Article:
Expanding operations

Godavari’s facility in Sakarwadi, Maharashtra, is dedicated to producing biochemicals. The facility, with an installed capacity of 101,197.40 tonnes per annum (TPA), produces ethyl acetate, bio-ethyl acetate, MPO, 1,3 butylene glycol, crotonaldehyde, acetaldehyde, acetic acid, bio-acetic acid and paraldehyde. 

Bio-based manufactured chemicals are used in various industries, including agrochemicals, cosmetics, flavours and fragrances, food, fuel, paints and coatings, and pharmaceuticals. Over the years, the firm has expanded its scale of operations and global footprint, raking in marquee brands as customers. 

Some of them include Biocon Ltd, Cipla Ltd, Deccan Fine Chemicals (India) Pvt Ltd, Dr Reddy’s Laboratories, Hershey India, and Hindustan Coca-Cola Beverages, among others. The firm has customers in over 20 countries including Australia, China, France, Germany, Italy, Japan, and the US. With offices in Hoofddorp (Netherlands) and Princeton, New Jersey (US), Godavari has access to international markets, wherein it can cater to overseas demand, and this with an eye on product development.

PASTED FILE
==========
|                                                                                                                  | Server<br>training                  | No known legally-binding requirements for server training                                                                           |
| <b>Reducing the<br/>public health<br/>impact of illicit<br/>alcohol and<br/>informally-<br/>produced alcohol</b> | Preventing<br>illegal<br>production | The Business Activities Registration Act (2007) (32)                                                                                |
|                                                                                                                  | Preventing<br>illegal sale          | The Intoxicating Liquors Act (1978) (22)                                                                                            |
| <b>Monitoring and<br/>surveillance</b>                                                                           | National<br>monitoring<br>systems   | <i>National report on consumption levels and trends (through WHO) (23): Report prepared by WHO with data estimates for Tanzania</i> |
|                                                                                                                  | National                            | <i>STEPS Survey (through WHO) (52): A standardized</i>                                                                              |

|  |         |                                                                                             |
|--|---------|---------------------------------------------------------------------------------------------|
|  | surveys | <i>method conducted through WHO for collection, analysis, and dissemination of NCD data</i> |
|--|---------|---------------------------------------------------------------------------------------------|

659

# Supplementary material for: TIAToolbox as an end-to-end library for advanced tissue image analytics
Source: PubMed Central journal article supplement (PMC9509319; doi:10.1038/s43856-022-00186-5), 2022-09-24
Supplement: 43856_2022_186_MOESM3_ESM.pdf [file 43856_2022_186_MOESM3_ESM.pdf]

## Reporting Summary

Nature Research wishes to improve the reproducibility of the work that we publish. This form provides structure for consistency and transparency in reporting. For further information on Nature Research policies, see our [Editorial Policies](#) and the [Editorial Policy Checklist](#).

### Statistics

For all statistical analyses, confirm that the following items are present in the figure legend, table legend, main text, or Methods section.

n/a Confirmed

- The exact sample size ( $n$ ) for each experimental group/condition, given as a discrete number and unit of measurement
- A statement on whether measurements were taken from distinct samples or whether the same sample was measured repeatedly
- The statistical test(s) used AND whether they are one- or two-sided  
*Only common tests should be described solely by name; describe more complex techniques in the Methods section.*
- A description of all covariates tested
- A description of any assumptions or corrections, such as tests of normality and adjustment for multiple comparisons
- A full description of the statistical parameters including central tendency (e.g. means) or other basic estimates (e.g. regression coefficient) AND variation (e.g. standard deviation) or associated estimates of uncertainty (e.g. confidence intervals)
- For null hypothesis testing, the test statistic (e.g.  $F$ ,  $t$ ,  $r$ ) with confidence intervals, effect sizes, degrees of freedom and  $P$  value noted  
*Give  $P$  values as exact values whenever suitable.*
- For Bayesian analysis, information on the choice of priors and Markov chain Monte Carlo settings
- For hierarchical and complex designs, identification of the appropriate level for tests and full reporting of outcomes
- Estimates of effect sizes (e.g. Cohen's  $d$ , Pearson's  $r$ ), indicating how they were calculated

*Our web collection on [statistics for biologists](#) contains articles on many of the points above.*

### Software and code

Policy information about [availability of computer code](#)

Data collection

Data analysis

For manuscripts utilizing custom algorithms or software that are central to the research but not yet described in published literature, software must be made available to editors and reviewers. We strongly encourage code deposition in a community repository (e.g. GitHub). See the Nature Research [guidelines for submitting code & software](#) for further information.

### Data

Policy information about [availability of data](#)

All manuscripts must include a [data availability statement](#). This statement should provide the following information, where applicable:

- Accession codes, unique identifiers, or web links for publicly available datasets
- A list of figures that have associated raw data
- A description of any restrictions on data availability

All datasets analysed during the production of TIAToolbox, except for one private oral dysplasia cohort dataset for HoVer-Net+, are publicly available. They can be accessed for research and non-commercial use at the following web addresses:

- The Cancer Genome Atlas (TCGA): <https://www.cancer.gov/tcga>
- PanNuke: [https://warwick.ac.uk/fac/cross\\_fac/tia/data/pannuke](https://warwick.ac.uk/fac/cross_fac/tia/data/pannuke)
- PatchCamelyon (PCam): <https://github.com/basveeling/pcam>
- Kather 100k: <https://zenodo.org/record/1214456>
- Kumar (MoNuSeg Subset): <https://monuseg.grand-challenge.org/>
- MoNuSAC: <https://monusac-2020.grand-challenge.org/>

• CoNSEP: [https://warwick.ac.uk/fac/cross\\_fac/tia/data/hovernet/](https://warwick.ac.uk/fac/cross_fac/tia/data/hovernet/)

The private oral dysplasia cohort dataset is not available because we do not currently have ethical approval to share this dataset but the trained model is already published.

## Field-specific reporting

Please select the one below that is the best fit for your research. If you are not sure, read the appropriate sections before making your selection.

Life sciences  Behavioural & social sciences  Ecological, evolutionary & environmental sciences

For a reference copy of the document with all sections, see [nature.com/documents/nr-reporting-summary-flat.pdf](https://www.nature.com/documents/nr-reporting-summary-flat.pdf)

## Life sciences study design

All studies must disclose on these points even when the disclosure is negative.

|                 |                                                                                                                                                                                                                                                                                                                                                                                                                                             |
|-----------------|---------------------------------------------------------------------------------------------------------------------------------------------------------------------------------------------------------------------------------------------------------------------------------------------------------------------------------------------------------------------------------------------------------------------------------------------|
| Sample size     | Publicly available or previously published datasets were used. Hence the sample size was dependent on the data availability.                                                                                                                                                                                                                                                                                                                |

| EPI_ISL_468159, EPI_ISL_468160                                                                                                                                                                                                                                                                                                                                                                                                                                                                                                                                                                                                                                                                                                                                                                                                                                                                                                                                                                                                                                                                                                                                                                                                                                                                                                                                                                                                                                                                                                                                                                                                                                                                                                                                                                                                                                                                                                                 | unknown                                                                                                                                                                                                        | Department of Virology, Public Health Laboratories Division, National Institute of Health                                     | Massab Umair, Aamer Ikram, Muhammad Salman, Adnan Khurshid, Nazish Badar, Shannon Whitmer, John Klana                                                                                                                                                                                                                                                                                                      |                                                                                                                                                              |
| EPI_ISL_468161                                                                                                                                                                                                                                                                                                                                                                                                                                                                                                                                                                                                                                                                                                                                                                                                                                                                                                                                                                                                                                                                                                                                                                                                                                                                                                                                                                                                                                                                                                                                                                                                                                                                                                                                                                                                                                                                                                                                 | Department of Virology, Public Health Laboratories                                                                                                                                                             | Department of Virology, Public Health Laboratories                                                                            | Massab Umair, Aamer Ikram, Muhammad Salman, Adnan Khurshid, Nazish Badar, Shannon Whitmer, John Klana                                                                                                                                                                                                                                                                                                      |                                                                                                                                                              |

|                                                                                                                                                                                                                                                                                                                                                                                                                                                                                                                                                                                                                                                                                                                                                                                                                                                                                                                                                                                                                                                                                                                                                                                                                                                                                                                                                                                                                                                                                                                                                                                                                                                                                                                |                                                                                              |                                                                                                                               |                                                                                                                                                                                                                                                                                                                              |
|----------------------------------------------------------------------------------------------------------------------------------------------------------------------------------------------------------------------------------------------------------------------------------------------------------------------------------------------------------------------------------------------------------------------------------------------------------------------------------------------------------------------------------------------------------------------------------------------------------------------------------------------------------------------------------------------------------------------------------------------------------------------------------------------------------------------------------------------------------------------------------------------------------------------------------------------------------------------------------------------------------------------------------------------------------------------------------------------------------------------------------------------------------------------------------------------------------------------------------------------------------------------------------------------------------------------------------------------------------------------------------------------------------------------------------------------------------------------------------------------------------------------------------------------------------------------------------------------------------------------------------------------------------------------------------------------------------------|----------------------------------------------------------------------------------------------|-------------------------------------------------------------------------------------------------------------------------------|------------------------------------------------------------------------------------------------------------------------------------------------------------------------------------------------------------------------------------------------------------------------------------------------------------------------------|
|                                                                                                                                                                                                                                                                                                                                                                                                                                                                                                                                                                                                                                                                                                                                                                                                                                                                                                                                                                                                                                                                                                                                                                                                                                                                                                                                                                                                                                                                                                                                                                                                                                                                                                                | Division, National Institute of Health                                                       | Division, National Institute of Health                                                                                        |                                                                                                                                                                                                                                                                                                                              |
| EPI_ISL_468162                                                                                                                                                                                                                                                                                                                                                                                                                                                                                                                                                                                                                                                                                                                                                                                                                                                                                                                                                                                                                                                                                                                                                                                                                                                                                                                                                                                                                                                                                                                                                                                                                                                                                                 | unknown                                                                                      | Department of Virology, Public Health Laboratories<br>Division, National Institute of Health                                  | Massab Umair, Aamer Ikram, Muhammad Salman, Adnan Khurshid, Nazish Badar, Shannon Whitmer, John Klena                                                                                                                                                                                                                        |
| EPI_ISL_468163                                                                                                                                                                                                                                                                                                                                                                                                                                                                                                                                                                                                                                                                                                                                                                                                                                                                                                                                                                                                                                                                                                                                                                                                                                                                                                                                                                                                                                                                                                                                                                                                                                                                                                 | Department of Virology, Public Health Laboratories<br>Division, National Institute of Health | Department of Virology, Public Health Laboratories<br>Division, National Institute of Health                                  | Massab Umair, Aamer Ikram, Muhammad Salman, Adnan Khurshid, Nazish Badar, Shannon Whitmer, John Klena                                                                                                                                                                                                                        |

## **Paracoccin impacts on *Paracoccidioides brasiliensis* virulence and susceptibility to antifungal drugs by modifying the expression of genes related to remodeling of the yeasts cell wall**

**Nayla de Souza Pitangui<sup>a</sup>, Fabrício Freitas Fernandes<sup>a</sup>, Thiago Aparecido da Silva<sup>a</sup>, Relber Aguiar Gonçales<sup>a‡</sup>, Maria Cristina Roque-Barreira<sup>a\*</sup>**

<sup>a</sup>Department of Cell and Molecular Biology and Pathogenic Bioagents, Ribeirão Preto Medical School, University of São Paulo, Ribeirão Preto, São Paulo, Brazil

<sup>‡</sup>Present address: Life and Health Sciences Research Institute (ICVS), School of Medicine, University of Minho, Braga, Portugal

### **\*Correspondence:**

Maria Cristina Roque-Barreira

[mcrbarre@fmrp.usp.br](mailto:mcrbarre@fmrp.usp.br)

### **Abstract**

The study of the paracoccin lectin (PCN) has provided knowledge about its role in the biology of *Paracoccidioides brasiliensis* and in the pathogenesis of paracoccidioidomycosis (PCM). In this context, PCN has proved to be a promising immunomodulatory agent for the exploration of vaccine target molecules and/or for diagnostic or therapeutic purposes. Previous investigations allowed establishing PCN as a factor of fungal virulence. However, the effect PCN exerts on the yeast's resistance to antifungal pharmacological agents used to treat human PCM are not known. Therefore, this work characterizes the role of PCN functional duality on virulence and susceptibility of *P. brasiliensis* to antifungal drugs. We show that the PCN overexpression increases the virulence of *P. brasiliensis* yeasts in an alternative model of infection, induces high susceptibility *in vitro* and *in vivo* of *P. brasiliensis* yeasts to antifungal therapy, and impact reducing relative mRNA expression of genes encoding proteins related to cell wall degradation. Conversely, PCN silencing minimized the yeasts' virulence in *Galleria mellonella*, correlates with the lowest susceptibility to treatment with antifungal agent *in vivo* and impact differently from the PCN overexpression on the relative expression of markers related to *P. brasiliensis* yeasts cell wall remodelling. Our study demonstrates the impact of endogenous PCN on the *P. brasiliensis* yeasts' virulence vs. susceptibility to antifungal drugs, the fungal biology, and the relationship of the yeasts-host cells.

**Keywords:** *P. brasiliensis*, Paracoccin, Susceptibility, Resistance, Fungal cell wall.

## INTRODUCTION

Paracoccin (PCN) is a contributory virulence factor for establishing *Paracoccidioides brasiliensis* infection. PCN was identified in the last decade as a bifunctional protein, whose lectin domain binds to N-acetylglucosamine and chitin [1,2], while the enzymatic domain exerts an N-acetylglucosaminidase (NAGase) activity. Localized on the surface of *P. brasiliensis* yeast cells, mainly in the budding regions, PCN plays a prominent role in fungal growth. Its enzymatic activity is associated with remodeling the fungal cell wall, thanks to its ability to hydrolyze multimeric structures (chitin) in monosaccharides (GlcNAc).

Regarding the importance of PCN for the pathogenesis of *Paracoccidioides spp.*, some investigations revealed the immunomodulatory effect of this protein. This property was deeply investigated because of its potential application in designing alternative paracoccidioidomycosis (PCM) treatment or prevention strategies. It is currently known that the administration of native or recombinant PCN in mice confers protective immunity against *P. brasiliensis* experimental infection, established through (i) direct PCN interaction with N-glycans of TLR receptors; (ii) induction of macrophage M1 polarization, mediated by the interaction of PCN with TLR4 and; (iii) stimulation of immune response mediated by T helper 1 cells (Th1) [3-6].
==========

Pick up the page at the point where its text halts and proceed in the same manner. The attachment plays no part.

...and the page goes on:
“We have built a base for now, and we have a wonderful set of companies that we cater too, and our days are very exciting because we are always innovating and working on the next set of products,” says Samir.

Godavari is also expanding its chemical production roster of products. It has received environmental clearance to expand its existing capacities to manufacture a wider range of specialty chemicals, including cellulose, MCC, xylitol, EVE, furfural, lignosulphonate and bio-composites. The market for green chemicals is growing, and the firm also has the ability to price its products at a premium, thanks to the green charge. 

Sangeeta Srivastava, now executive director, points out that innovation and optimisation of resources have been the key pillars of the company’s progress. “From the start we have focused on innovation and research. Our access to raw materials is central to our success and we will continue to commercialise new products, and achieve optimum utilisation of our resources.”

Ethanol growth